Director Jeff Nichols has built upon each film he's given us since his striking 2007 debut "Shotgun Stories." 2011's "Take Shelter" added deeper atmospheric considerations to an already adept handling of character relationships on screen in ways few artists this early in their careers seem to manage. "Mud," screening tonight at the Sundance Film Festival, is a masterful combination of both stews that rings a storybook note owing as much to Gary Paulsen as to Mark Twain, and with more on its mind than perhaps anything the director has offered so far.

The project's early film school seeds are a good reason for that thoughtfulness, springing from the mind of a young man stung by a failed relationship who set out to work through ideas of romance and the complexities of love so many years ago (stay tuned for an interview expanding on that later in the fest). But Nichols roots the enterprise in a world of Southern lore that speaks to an undercurrent of magical realism in his film; boats in trees, a unique community of river dwellers, it is a singular sense of place. And from the coming-of-age point of view of a young man, surely a surrogate for the director's former self, that atmosphere finds ample thematic footholds.

Guy pegged the film as "familiar" when he saw it at Cannes, and that it is. I don't like the pejorative, though, because this is less a film out to surprise than to marinate...

Hang on. You know what? I'm gonna step out of bounds for a moment and just say that I'm in love with this film, full stop. Digging and figuring out why and conveying that kind of doesn't feel right. I'm not so much excited to convey my enthusiasm for it than to savor my enthusiasm for it. It's one of those films. It landed perfectly for me as a dissection of what romance is -- A joke? A Godsend? A dead end? A savior? -- And I've just never seen these considerations so wonderfully explored on so many different levels.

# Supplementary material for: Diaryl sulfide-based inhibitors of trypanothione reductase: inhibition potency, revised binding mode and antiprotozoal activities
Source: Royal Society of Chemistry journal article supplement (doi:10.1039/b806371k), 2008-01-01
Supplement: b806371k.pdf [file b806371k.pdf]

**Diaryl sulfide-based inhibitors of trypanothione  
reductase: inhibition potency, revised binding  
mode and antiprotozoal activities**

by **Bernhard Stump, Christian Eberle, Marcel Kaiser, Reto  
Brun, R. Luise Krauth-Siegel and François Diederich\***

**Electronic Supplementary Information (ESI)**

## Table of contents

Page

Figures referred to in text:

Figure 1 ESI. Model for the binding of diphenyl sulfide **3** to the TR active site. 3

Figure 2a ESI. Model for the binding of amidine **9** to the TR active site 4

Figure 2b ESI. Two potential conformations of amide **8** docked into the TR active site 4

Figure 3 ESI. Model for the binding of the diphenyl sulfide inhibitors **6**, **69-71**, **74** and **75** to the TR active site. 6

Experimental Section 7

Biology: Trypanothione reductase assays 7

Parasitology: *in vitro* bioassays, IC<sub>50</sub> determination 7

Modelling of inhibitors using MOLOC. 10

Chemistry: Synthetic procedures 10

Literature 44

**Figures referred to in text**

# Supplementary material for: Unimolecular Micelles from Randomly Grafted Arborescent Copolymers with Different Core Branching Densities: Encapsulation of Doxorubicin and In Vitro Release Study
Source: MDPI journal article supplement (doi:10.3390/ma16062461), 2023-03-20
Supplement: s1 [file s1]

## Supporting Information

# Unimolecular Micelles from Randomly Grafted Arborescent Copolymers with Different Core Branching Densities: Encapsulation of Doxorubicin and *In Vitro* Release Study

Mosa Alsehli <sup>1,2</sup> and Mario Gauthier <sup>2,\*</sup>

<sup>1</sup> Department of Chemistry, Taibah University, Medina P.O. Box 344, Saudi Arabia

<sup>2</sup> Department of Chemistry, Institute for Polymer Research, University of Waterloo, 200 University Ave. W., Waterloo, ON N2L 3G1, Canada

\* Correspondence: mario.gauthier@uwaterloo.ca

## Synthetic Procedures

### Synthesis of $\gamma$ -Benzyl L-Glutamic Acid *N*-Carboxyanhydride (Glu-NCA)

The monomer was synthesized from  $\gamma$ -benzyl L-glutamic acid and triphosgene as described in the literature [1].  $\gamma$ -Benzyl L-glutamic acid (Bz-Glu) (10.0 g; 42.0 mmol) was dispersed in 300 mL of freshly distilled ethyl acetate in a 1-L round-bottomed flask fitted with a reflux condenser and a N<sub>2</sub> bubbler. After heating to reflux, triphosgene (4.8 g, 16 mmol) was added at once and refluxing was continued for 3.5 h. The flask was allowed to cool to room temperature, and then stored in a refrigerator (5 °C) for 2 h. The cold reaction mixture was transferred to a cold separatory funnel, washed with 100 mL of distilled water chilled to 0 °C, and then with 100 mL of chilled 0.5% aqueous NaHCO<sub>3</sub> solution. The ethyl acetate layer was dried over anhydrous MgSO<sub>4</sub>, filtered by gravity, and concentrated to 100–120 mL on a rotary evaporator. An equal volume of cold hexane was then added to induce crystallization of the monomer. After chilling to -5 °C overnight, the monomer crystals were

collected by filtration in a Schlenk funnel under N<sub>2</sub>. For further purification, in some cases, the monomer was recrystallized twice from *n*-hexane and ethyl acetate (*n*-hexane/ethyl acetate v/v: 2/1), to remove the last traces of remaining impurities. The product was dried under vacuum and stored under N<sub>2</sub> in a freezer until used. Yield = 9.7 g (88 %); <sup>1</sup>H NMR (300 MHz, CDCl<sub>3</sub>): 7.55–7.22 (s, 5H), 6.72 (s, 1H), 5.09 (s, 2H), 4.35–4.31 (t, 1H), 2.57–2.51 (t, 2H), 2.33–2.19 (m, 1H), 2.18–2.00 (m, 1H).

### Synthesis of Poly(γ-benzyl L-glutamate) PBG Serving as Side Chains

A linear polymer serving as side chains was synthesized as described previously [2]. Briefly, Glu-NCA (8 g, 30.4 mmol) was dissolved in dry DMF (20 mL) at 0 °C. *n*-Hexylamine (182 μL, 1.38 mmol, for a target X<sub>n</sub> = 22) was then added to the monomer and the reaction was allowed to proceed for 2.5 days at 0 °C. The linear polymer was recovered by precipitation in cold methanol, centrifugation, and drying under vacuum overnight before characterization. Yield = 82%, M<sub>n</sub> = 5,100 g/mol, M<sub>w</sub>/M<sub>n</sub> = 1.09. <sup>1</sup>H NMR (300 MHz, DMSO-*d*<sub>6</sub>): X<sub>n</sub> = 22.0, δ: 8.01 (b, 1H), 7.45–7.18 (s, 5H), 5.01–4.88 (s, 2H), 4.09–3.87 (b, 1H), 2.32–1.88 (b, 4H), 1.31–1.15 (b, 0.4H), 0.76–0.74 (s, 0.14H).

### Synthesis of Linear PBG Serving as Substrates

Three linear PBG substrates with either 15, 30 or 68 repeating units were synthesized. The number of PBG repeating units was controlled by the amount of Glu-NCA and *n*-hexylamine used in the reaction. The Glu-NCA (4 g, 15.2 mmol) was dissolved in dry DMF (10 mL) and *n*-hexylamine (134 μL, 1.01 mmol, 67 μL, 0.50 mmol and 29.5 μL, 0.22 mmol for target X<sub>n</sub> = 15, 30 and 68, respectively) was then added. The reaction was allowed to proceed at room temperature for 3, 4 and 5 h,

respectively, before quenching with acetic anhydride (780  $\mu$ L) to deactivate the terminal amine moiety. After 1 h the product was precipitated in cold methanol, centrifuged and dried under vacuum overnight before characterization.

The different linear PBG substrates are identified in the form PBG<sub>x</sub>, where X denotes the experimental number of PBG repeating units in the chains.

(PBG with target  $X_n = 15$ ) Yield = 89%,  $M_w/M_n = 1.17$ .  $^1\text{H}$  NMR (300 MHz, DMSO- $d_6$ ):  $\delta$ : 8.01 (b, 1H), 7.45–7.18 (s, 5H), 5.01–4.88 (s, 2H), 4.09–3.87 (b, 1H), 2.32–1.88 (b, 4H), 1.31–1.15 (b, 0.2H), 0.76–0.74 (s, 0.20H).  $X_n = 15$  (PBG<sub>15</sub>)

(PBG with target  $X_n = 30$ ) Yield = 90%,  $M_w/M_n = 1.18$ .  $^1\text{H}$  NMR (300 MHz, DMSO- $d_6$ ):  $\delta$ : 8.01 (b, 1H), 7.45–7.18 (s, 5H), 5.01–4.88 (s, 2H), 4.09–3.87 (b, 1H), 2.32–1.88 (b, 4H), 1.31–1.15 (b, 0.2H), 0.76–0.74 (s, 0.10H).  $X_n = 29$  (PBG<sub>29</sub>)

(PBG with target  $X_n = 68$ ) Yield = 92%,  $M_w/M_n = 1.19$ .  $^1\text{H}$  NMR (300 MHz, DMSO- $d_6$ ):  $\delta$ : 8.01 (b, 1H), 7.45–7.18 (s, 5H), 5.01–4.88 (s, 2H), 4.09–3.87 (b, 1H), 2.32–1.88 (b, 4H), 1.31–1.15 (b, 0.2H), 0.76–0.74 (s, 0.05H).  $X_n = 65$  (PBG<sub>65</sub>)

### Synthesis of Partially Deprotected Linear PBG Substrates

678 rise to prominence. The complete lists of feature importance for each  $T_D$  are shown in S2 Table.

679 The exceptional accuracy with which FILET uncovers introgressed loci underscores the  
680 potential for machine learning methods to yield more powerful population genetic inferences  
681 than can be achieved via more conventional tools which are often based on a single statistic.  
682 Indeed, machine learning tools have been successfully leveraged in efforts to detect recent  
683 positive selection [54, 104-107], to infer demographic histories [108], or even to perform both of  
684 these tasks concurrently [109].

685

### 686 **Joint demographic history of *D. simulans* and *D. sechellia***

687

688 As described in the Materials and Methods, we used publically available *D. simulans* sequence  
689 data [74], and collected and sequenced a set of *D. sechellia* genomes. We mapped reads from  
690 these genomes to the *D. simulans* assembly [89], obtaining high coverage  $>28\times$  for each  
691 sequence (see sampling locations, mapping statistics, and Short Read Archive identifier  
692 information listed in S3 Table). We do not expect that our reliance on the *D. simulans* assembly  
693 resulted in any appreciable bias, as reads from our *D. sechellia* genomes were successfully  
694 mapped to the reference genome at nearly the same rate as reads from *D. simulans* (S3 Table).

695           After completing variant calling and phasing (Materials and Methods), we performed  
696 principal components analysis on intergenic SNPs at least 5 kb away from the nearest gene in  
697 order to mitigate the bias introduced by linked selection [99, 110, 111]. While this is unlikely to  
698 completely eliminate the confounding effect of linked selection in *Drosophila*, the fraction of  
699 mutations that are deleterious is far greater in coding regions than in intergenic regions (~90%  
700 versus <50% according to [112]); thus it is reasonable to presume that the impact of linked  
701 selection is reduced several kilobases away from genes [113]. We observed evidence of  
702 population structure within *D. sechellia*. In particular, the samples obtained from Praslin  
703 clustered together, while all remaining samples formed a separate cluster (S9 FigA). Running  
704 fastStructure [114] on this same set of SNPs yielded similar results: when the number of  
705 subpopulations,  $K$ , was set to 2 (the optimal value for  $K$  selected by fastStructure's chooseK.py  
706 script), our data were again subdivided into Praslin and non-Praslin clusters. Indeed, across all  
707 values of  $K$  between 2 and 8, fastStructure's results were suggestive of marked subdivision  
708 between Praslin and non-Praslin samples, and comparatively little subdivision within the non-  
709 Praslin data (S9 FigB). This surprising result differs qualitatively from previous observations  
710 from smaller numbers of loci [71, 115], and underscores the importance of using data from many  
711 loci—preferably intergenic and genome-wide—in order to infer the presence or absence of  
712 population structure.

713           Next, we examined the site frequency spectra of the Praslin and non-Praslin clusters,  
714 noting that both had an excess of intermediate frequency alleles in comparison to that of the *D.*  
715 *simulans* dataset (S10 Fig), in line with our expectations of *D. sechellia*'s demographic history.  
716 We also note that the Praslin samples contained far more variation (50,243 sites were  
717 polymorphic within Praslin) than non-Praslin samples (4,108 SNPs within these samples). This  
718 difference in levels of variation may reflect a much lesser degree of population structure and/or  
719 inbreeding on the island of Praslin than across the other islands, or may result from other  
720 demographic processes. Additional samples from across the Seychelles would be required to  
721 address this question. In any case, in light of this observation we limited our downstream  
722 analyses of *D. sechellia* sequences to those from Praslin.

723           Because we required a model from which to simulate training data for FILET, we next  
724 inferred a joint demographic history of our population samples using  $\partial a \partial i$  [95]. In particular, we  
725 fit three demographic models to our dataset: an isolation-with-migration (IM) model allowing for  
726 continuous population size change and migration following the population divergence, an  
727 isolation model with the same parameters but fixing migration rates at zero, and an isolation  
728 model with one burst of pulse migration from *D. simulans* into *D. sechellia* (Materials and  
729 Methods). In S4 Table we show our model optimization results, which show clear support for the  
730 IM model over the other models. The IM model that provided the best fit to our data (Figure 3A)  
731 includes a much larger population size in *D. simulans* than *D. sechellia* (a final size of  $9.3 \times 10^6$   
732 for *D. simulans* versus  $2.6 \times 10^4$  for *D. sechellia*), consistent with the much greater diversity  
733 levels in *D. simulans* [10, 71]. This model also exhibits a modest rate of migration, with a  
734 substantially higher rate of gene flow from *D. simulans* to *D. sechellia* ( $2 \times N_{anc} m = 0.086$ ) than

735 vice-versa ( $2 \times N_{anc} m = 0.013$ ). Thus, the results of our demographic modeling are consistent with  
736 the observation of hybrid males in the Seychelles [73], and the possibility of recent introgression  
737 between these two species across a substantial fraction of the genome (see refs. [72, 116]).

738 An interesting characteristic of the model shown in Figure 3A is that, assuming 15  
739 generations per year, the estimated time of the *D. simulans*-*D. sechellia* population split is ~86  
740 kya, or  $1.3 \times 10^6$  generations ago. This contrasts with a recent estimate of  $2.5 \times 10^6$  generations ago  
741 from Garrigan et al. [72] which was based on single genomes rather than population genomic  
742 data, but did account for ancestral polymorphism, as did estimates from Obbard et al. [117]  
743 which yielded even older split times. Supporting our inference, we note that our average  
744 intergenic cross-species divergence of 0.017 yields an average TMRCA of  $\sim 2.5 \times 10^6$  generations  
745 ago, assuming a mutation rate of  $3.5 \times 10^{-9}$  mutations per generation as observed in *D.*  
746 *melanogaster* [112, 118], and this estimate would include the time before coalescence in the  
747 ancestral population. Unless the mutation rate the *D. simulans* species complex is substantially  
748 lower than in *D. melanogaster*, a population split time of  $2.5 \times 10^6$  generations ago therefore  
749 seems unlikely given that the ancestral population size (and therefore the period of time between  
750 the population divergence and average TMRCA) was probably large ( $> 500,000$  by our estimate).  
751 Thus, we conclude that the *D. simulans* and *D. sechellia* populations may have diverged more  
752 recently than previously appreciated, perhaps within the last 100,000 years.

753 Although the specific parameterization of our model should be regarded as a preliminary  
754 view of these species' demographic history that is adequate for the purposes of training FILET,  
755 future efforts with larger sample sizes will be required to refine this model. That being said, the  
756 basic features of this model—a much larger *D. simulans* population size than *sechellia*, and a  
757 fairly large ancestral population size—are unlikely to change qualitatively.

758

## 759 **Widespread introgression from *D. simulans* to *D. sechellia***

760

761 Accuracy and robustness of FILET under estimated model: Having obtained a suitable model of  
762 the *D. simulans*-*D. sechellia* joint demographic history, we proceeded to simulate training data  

This is powerful thematic work, every single moment of the film being very much about these ideas, and I hope it finds new life as Roadside Attractions looks to re-launch it here in advance of its April theatrical bow. I'm very much reminded of my reaction to Joe Carnahan's "The Grey" last year, and indeed, this is a film I can easily see sticking around in my top 10 for the next 12 months.

Not since David Wooderson has Matthew McConaughey given us a character so magnetic, so charismatic. His Mud is full of wisdom, lies, romance, remorse, honor, disgrace. He is a treasure trove of virtues, each of them valuable, even when -- indeed, especially when -- they conflict. Because that's the story lurking between the lines of the film: the messiness of life, and the promise of redemption around every corner.

McConaughey has a hell of a year coming up, this after already dishing out a stellar 2012. With "Mud," "The Wolf of Wall Street" and "Dallas Buyers Club" (assuming it releases this year), the actor has another few shots on the awards season goal. And there's plenty of goodwill left in the tank. But I'd like to light the fuse right here and now for his work in this film. It's his finest performance to date, Oscar-worthy on every level.

And Nichols, truly gifted with actors, gets stellar performances across the board. Reese Witherspoon, Sam Shepard, Ray McKinnon and Sarah Paulson all shine, and even fleeting work from Michael Shannon and the great Joe Don Baker leaves you wanting more. But at the center of the whole enterprise is a pair of child actor performances from Tye Sheridan and Jacob Lofland that grounds the film and would have made or broken the whole thing.

Largely absent from and a bit of a cipher in "The Tree of Life" if there was any real promise there, Sheridan owns this turf. It is one of the great performances from an actor his age, open, receptive, so much going on beneath the surface at times, yet so elegant in its simplicity at others. If McConaughey manages any awards season traction, Sheridan deserves to be right there with him.

And of course, Nichols' crew deserves major commendation. Adam Stone's photography, Richard Wright's production design, Julie Monroe's film editing, Will Files' soundscape and, certainly, David Wingo's original score, are all necessary building blocks for what this film is.

So there. I'm over the moon. Sometimes you just don't want to bog down in why. This one found a place inside me and it's staying there. I can just tell. And I hope when it comes around your way, you feel similarly.

"Mud" receives its North American debut tonight at The MARC theater in Park City. It opens April 26 in limited release.